By Rex Hammock

After the recent announcement of the acquisition of Time Inc. by the media company Meredith, I received the usual round of questions whenever there’s some big news about magazines: Do magazines still work?

For the past 20 years, I’ve answered the question this way: There’s the magazine business model, which gets its revenue exclusively from subscriptions and advertising, and the magazine format, which encompasses ink on print, great design and must-read content. Magazines produced to support a traditional magazine business model don’t work. Magazines that support other types of business models such as an industry-leading company or an association will be around for a long time.

Today, a print business-to-business magazine sitting on a CEO’s desk or coffee table is the most powerful form of influencer marketing that exists. It says to those who come into his or her office that the magazine and its creator are at the center of its industry. I’m a fan of all things digital and believe the iPhone is a great machine for finding answers and learning what just happened, but the iPhone doesn’t provide advertisers or sponsors the gravitas or branding power of a magazine.

I believe the magazine medium works better today than at any time over the past three decades. During these years, I’ve had the chance to help corporate and association clients launch, relaunch and grow their own magazines.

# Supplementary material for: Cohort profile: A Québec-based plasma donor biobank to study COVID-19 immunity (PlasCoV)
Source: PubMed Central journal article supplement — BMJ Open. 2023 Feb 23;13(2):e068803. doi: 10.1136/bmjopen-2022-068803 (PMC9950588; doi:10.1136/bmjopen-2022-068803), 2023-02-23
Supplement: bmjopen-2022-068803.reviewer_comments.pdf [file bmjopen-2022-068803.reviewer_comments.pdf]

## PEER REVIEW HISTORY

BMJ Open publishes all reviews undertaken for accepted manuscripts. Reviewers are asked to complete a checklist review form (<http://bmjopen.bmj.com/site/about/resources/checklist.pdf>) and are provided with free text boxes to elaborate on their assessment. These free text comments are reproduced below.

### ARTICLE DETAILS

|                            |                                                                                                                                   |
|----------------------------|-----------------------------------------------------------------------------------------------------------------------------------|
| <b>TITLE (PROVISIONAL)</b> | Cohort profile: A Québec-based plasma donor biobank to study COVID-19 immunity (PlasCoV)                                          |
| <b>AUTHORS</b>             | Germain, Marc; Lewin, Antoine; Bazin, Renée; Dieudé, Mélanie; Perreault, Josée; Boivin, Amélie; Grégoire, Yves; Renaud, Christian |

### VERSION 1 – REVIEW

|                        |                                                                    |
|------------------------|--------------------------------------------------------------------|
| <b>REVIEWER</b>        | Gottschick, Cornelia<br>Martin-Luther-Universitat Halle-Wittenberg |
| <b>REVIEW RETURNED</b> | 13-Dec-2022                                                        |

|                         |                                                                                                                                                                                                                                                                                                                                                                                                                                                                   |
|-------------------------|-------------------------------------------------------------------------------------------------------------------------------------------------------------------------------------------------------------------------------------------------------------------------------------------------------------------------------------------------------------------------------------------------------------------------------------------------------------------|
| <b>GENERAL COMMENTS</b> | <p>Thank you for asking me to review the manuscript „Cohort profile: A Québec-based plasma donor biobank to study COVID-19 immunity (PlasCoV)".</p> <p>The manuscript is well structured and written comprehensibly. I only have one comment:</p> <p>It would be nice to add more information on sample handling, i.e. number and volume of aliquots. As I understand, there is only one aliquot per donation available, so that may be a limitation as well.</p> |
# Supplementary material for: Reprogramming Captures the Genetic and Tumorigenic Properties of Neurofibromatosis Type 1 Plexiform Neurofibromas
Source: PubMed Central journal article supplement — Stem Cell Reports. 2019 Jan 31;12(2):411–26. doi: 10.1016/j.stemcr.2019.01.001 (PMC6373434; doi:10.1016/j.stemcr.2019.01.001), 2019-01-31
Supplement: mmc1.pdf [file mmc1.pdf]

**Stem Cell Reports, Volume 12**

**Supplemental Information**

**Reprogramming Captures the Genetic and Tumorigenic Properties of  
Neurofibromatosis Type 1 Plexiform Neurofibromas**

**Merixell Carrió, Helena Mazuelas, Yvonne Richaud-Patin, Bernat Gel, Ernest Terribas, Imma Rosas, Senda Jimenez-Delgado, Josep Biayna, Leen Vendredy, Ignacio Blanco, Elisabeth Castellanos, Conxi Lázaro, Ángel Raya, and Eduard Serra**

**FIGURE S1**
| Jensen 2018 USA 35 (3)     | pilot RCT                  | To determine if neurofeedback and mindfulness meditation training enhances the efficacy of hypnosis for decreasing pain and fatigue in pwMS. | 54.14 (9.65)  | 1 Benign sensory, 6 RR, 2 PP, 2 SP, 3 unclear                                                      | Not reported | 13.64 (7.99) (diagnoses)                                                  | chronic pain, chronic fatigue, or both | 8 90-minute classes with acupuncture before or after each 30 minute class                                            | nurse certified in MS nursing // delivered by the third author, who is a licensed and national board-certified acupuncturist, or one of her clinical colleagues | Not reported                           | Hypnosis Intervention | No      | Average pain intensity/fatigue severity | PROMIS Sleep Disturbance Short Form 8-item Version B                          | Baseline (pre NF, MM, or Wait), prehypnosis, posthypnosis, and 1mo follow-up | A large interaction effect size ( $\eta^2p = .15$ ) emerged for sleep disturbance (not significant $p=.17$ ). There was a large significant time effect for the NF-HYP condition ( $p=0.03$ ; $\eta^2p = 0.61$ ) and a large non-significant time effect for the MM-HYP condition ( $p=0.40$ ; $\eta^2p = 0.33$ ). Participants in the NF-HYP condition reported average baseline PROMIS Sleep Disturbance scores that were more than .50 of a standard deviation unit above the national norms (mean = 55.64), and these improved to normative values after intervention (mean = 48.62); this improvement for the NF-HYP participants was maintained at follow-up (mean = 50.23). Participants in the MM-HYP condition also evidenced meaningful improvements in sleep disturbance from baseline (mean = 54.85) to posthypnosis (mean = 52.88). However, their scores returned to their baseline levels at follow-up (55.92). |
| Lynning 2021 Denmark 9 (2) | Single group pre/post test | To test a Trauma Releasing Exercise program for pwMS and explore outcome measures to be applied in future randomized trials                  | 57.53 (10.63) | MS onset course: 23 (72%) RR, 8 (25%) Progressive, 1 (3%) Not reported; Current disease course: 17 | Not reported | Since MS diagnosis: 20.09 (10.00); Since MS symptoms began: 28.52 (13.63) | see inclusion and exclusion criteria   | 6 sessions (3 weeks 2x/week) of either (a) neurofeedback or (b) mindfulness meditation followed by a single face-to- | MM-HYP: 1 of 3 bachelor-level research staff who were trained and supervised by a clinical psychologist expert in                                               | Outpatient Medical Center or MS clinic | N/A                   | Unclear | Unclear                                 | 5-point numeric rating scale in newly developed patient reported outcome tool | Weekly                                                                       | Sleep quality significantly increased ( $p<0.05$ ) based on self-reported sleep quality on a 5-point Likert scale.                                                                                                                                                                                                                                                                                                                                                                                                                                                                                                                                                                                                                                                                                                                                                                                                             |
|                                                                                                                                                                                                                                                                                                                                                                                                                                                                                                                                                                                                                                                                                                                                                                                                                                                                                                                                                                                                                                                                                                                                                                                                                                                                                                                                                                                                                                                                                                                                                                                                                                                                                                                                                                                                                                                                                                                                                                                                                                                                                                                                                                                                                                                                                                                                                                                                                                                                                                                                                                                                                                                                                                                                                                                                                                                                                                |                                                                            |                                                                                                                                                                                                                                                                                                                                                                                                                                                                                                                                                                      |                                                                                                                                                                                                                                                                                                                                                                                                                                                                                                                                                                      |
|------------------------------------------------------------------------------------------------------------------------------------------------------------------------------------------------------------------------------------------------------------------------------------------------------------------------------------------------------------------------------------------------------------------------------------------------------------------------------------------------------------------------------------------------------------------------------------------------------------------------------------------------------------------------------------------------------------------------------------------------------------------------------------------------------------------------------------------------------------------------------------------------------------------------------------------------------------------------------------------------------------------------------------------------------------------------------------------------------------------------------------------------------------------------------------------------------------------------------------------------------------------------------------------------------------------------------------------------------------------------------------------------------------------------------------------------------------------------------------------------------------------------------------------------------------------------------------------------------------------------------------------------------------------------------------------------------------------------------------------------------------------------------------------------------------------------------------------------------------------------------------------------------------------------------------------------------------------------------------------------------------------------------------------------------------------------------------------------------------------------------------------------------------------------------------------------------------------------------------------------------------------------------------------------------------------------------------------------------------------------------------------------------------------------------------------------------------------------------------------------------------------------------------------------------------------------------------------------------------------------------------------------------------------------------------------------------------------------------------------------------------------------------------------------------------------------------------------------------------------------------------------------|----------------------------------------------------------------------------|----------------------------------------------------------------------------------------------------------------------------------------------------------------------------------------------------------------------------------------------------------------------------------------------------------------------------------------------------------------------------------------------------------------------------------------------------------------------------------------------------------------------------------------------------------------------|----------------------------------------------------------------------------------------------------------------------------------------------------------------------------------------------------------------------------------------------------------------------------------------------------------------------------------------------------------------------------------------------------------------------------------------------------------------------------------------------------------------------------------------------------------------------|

In 2009, Econsultancy, the digital marketing company, interviewed me about the future of ink on print in a digital era. Here’s what I said then and what I still believe about the future of magazines:

“I believe more media channels are better than less. I believe a multimedia platform approach is better than a one-medium approach. I believe a magazine and an array of digital properties are better than just digital properties. However, I can think of only a handful of print magazines that have gone all digital that still have the same stature in the market they serve.”

Bottomline: Information has become a commodity. But great writing, reporting, insight, design, etc.—everything that adds to making a medium a must-read experience—are still pretty rare and valuable. A proven way to dominate in a category is to be the essential magazine in your industry—the source of what people are talking about. Magazines fit into a multimedia matrix that signals the kind of content that is truly important versus merely keywords strung together.

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